The competition, held the following day, started with an opening ceremony that featured the University of Southern California marching band. Each student was recognized individually by name and state before the testing began.
“Although Mason did not place in the top three he represented Kentucky very well and hopes to be able to return next year,” his mother said. “This was a terrific experience put on by the Braille Institute to promote Braille literacy.”
At the Braille Challenge, Mason used a Perkins Brailler, which is like a typewriter for the visually impaired. He used it in school until second grade when he began using a device called a BrailleNote.
“It helps me type and all that,” he said. “It helps me get my schoolwork done. I put my work onto a flash drive and my teacher, Katie Frazier, prints it out.”
His mother described the BrailleNote as “a little personal computer that has refreshable Braille on it, so that when he types his Braille comes up and he can even read books on it and everything. That’s how he does his schoolwork,” she said.
He even wrote a book using it. While Mason’s favorite subject in school is science, he also likes English because it allows him to read and write. Reading is one of Mason’s favorite activities.
“I stay up and read at night. I always get in trouble with my parents,” he said. “I don’t have to turn on the light to read, I can just use my fingers.”
“I just read anything I can get my hands on,” he said. His favorite genres include fiction, biographies and historical fiction.
“I’m reading a book right now, and it’s called ‘The Blind Colt,’” he said. “I’m reading it because I’m blind and I’ve never heard of a horse that was blind before, except maybe this one,” he said. “I take (horseback) lessons, and there’s a really old horse there and he’s blind in one eye.”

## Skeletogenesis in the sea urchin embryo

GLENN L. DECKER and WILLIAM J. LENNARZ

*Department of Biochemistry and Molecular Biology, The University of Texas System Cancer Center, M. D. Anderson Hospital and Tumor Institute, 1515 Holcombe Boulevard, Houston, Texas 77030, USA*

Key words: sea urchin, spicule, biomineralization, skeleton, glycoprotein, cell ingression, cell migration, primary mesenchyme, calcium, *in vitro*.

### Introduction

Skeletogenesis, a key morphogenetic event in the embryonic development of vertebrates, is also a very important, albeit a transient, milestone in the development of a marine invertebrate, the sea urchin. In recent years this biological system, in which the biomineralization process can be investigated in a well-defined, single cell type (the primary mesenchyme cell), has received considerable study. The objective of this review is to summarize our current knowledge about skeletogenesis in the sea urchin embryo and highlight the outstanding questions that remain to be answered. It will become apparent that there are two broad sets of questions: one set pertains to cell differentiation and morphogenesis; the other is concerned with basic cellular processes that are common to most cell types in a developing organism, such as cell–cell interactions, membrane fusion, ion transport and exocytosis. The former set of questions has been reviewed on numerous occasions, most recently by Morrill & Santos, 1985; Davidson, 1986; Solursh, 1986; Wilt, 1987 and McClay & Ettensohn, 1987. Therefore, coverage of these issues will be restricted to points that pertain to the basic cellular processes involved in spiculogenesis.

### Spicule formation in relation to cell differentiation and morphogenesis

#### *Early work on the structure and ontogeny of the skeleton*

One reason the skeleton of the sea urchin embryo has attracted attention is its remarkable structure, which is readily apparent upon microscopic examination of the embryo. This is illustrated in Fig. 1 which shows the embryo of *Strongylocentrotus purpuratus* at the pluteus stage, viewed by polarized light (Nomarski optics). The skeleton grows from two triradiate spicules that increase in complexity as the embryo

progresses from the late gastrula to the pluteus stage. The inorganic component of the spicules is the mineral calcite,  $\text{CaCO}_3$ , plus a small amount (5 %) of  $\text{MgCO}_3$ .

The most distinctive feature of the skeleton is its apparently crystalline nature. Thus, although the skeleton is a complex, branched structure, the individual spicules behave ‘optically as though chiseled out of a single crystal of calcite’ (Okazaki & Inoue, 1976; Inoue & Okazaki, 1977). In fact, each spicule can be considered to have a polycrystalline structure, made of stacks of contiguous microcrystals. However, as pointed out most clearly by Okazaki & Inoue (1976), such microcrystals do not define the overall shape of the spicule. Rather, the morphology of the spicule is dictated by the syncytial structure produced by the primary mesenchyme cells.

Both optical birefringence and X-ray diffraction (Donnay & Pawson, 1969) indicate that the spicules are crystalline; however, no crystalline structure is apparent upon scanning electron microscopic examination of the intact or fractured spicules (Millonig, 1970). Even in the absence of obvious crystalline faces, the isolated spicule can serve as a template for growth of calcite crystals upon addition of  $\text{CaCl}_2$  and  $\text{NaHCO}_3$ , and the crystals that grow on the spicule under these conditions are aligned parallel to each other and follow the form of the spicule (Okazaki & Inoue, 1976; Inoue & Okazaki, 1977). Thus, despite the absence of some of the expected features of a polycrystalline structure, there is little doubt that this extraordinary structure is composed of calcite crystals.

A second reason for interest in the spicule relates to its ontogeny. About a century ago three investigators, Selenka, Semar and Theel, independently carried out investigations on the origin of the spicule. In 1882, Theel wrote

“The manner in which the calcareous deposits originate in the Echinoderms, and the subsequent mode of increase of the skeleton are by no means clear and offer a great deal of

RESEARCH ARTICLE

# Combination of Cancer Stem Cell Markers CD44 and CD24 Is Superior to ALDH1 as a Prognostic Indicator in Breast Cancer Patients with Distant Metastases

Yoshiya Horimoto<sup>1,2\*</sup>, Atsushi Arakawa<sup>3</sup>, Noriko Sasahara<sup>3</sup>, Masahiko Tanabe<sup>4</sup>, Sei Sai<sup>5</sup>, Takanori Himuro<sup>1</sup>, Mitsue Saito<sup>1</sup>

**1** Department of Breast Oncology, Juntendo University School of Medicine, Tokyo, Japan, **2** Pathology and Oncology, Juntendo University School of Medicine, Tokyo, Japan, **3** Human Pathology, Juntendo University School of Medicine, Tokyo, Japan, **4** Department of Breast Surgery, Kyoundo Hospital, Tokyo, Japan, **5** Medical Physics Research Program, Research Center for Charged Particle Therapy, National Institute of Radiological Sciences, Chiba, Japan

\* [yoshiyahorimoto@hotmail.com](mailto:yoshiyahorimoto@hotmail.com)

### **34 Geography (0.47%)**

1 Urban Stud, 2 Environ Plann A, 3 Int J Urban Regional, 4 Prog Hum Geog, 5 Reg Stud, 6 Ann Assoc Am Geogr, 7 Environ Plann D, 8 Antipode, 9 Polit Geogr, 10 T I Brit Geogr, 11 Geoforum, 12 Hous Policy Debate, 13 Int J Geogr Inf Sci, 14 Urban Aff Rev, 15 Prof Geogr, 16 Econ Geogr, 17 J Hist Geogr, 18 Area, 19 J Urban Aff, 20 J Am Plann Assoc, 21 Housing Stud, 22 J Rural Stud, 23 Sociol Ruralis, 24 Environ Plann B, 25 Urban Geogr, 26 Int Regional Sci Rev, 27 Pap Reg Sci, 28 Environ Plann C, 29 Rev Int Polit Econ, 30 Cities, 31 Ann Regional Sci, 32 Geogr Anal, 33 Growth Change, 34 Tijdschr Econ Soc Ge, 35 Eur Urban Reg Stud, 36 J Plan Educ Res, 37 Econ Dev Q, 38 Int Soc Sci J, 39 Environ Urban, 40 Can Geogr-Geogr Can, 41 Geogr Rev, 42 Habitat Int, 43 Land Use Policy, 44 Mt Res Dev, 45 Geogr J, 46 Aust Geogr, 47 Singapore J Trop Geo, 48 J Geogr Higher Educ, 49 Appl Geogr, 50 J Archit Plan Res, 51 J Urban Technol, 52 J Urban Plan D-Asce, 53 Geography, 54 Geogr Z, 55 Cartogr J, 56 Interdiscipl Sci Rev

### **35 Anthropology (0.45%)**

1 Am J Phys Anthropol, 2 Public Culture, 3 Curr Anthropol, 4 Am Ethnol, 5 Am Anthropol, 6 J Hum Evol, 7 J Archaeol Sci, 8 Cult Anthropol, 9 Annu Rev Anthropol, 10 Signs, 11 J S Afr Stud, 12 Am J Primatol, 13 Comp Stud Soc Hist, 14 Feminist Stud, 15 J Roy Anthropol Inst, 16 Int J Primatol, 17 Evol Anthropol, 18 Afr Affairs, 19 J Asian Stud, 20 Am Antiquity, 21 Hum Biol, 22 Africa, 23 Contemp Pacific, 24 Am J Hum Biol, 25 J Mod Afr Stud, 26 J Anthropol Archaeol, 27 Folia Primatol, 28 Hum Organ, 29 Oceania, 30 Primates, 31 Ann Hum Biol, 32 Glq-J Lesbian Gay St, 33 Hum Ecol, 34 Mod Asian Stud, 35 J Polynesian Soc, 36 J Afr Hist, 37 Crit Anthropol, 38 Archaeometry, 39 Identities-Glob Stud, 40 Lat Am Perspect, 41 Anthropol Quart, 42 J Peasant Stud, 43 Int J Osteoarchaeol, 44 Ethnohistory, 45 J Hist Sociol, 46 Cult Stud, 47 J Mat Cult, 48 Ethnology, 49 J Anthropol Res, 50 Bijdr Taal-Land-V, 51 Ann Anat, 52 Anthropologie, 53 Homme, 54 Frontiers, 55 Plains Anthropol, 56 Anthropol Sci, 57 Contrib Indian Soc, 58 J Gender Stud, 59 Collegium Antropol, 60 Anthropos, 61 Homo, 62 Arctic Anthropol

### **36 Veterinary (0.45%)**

Mason said that the blind horse at his riding school is named Romeo. Like Romeo, Mason has better hearing than most people.
“When you lose your eyesight you have really acute hearing,” he said. “I use my senses a lot. I don’t usually need sight, I just use my senses.”
Mason uses these senses in other things besides reading and riding horses. He also enjoys playing baseball.
He finished this past season with four hits. Mason said that that is “not very much, but at least I hit it.”
Mason plays baseball by listening. When he hits with a ball machine, he can hear a “pop” when the machine goes off, and that tells him when to hit the ball.
Mason said that hitting the ball when his coach pitches it is much harder, which explains his batting average for this year.
He is still optimistic about his batting skills, however. He said that he is happy with the chance to play, regardless of whether he hits the ball or not.
Mason also has taken guitar lessons for four years. “Oh, yes, I love it,” he said about playing the guitar. He plays entirely by ear, and sometimes he and his sister Karli perform in church. Karli sings while he sings and plays.
Before the competition, Mason was very hopeful. “I feel very lucky to be going, and I’m thinking if I go there and win, it’d be totally awesome,” he said. “But if I lose, at least I get to go.”
Of Mason’s accomplishments, his mother said, “We’re just ecstatic...don’t ever put limits on kids, because they can do anything. It’s just awesome.”